Sawyer, Kathryn Rose (2011) James Ussher and the Theological Maturation of the Church of Ireland, 1600-1634. Masters thesis, Concordia University.
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Despite the fact that by all material measures the reformed Church of Ireland was in decline by the year 1600, theologically it had only just begun to mature, a process which lasted approximately 30 years and which saw the Church of Ireland define itself as a distinct entity from both the Roman Catholic Church and the neighboring Church of England. In this paper I follow the developing theology of James Ussher, a major Irish protestant ecclesiastical figure, in order to gauge the concurrent theological development and maturation of the Church of Ireland. I examine three texts in whose creation Ussher figured prominently and which deal with the notion of the Pope as Antichrist. Then, in recognition of the intimate interplay between history and theology, I consider the historical, political, and social atmosphere of English-speaking Ireland at the time of the writing of these texts in order to see how their theology both affected and was affected by their historical context. I conclude that the Church of Ireland’s developing theology of the papal Antichrist assists us, as modern readers, to better understand the historical and political events that were in play in the volatile years of the early seventeenth century, and to see how the developing theology of the Church of Ireland informed its members of their identities as both protestants and Irishmen.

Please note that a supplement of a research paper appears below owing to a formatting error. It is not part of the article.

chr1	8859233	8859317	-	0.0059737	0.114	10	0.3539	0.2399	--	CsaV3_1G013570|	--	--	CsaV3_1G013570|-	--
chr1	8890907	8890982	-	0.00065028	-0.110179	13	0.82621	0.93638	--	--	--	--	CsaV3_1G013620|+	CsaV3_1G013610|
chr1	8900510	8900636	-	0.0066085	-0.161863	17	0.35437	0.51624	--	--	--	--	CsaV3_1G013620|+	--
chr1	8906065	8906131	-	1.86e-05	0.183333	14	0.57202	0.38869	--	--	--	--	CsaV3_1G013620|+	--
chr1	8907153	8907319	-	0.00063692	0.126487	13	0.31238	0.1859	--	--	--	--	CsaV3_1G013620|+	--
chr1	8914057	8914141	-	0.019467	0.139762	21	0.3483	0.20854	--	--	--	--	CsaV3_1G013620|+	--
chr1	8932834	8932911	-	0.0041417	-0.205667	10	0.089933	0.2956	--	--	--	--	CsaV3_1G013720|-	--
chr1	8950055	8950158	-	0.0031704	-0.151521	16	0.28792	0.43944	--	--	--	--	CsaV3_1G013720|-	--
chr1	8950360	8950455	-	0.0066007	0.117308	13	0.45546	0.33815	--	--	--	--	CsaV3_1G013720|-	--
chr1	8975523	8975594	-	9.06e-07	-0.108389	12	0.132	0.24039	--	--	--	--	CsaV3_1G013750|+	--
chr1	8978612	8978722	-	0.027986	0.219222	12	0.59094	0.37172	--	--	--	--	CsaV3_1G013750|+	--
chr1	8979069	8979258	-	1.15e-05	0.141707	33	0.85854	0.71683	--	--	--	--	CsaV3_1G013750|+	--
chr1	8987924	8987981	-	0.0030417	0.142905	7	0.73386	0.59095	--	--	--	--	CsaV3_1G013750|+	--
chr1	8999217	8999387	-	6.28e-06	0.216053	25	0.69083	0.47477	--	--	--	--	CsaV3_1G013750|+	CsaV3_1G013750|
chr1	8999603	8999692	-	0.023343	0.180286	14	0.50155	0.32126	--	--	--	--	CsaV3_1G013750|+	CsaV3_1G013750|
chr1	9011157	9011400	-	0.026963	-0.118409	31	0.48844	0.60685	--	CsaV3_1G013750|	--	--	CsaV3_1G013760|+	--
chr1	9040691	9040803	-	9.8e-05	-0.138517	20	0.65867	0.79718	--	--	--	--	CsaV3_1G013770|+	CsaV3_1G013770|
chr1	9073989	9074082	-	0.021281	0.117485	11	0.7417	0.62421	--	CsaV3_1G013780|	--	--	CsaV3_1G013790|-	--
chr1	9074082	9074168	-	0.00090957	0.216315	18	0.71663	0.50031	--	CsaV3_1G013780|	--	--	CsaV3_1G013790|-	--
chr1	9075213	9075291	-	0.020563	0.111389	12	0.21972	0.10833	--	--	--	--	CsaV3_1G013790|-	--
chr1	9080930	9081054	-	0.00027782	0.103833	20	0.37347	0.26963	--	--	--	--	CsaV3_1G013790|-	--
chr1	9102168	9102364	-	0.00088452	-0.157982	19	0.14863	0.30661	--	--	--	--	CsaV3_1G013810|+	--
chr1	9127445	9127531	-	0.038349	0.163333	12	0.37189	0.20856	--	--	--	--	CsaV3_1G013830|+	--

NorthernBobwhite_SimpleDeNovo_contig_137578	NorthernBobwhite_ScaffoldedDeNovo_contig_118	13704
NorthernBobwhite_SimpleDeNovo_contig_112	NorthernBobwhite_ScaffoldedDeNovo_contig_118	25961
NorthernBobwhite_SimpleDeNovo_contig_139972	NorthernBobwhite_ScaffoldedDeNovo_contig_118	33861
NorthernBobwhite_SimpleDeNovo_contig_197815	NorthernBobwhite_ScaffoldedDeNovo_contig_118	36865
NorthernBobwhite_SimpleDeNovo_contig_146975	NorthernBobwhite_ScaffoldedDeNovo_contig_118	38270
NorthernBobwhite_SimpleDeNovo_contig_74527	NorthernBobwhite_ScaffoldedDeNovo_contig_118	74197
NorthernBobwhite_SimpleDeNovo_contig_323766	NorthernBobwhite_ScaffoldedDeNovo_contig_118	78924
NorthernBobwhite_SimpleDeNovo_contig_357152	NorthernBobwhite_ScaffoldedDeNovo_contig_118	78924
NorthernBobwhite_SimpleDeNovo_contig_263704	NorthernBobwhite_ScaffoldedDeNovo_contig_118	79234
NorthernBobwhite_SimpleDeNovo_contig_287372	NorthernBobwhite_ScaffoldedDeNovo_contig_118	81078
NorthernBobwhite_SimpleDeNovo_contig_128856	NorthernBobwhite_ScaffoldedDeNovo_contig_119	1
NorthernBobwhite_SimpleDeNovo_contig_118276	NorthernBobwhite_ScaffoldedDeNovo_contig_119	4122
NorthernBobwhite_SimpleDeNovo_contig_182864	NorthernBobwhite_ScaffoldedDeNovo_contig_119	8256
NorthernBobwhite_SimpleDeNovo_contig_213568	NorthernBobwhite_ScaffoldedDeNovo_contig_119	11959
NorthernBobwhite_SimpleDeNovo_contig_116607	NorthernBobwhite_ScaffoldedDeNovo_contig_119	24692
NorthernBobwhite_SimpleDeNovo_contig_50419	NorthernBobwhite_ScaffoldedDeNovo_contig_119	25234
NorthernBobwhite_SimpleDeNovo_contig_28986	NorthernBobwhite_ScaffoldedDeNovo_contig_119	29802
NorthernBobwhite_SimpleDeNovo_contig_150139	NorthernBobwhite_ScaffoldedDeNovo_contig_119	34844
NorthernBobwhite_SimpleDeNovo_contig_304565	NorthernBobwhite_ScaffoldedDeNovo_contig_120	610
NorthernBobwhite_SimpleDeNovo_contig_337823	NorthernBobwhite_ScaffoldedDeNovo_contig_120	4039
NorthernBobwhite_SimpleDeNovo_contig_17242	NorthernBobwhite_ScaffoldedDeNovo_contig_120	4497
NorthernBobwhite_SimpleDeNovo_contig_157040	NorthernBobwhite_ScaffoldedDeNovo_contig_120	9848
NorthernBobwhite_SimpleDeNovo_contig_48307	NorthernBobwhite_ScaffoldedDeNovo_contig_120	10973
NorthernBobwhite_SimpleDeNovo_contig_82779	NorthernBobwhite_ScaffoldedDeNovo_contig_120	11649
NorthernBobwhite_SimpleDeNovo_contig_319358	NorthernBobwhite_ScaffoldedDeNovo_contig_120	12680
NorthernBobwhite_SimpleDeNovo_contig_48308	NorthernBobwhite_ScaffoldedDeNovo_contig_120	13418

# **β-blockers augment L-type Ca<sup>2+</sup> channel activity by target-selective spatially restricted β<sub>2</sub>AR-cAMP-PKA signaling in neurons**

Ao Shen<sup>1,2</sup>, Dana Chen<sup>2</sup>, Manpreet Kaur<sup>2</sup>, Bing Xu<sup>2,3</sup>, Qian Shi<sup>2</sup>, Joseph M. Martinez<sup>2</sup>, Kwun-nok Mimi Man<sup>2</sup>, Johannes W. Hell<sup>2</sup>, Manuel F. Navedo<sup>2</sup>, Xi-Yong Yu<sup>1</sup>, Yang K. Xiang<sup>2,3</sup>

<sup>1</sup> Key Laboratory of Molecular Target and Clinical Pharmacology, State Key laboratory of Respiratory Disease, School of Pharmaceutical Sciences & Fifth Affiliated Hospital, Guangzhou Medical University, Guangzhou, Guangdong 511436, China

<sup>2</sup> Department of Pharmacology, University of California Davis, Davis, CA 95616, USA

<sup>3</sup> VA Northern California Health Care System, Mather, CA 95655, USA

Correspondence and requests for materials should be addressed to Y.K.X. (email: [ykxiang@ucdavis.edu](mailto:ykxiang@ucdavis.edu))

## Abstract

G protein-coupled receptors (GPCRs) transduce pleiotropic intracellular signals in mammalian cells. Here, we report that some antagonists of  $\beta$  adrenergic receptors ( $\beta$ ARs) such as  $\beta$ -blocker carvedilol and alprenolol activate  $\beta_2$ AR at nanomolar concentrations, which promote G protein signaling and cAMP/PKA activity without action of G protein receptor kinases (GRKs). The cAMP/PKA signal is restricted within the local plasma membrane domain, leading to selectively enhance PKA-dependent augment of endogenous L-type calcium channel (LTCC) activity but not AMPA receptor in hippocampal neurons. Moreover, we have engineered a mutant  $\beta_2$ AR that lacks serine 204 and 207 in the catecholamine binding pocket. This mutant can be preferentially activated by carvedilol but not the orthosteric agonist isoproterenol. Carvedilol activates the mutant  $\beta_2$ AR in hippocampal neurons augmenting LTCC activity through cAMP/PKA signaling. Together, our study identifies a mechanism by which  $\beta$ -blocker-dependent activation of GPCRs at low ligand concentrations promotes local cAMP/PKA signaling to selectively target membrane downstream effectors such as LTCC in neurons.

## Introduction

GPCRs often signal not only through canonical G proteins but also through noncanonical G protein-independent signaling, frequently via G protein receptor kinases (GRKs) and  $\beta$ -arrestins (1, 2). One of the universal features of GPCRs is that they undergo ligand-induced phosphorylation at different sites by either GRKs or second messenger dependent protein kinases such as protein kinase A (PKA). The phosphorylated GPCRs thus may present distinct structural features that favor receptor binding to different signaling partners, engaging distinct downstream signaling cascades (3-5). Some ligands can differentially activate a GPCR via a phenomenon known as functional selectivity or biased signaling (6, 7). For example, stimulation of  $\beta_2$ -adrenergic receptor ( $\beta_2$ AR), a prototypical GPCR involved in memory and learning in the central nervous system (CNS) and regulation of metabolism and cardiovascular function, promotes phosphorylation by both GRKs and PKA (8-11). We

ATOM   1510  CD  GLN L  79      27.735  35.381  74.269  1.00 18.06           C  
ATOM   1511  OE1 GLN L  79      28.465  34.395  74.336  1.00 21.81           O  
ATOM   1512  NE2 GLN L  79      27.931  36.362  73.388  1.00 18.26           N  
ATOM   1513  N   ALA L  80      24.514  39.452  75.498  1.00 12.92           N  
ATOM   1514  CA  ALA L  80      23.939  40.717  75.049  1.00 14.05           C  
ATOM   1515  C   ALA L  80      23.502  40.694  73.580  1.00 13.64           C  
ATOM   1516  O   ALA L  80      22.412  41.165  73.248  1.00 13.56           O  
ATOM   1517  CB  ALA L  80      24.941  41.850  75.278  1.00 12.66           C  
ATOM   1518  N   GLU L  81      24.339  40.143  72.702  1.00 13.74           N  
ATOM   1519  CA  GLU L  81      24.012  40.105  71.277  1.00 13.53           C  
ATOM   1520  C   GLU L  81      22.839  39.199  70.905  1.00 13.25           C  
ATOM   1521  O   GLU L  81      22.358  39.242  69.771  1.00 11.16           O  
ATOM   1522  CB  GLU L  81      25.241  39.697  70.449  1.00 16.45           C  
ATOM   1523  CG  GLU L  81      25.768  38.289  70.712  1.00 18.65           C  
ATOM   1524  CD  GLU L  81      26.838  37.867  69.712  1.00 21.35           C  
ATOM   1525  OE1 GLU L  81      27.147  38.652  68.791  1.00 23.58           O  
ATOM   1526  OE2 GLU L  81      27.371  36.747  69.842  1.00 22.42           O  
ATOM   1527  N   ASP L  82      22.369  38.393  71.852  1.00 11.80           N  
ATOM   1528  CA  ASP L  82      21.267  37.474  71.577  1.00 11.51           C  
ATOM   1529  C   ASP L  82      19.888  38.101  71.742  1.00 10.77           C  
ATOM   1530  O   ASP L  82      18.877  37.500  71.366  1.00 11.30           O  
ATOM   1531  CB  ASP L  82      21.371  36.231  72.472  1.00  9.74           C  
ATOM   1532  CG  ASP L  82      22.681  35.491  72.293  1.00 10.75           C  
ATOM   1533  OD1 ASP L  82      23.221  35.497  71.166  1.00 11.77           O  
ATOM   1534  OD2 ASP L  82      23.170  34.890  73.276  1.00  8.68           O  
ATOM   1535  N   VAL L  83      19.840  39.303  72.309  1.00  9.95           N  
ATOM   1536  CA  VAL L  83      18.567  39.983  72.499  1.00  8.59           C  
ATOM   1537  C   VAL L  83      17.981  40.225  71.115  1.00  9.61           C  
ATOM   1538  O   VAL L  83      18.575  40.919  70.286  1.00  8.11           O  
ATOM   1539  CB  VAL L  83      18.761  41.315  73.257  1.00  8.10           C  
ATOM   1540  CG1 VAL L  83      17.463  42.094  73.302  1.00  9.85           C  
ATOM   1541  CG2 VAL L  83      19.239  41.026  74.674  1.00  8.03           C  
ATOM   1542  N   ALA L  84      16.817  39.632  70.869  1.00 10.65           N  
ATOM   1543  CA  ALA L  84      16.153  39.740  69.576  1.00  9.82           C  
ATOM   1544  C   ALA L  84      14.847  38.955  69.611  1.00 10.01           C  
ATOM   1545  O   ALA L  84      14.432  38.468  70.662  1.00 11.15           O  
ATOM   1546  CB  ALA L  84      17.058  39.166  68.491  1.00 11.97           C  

|Divisions:||Concordia University > Faculty of Arts and Science > Theological Studies|
|Item Type:||Thesis (Masters)|
|Authors:||Sawyer, Kathryn Rose|
|Date:||19 August 2011|
|Thesis Supervisor(s):||Zuidema, Jason|
|Keywords:||James Ussher, Reformation, Ireland, Antichrist, Church of Ireland, Irish Articles|
|Deposited By:||KATHRYN SAWYER|
|Deposited On:||21 Nov 2011 11:40|
|Last Modified:||21 Nov 2011 11:40|
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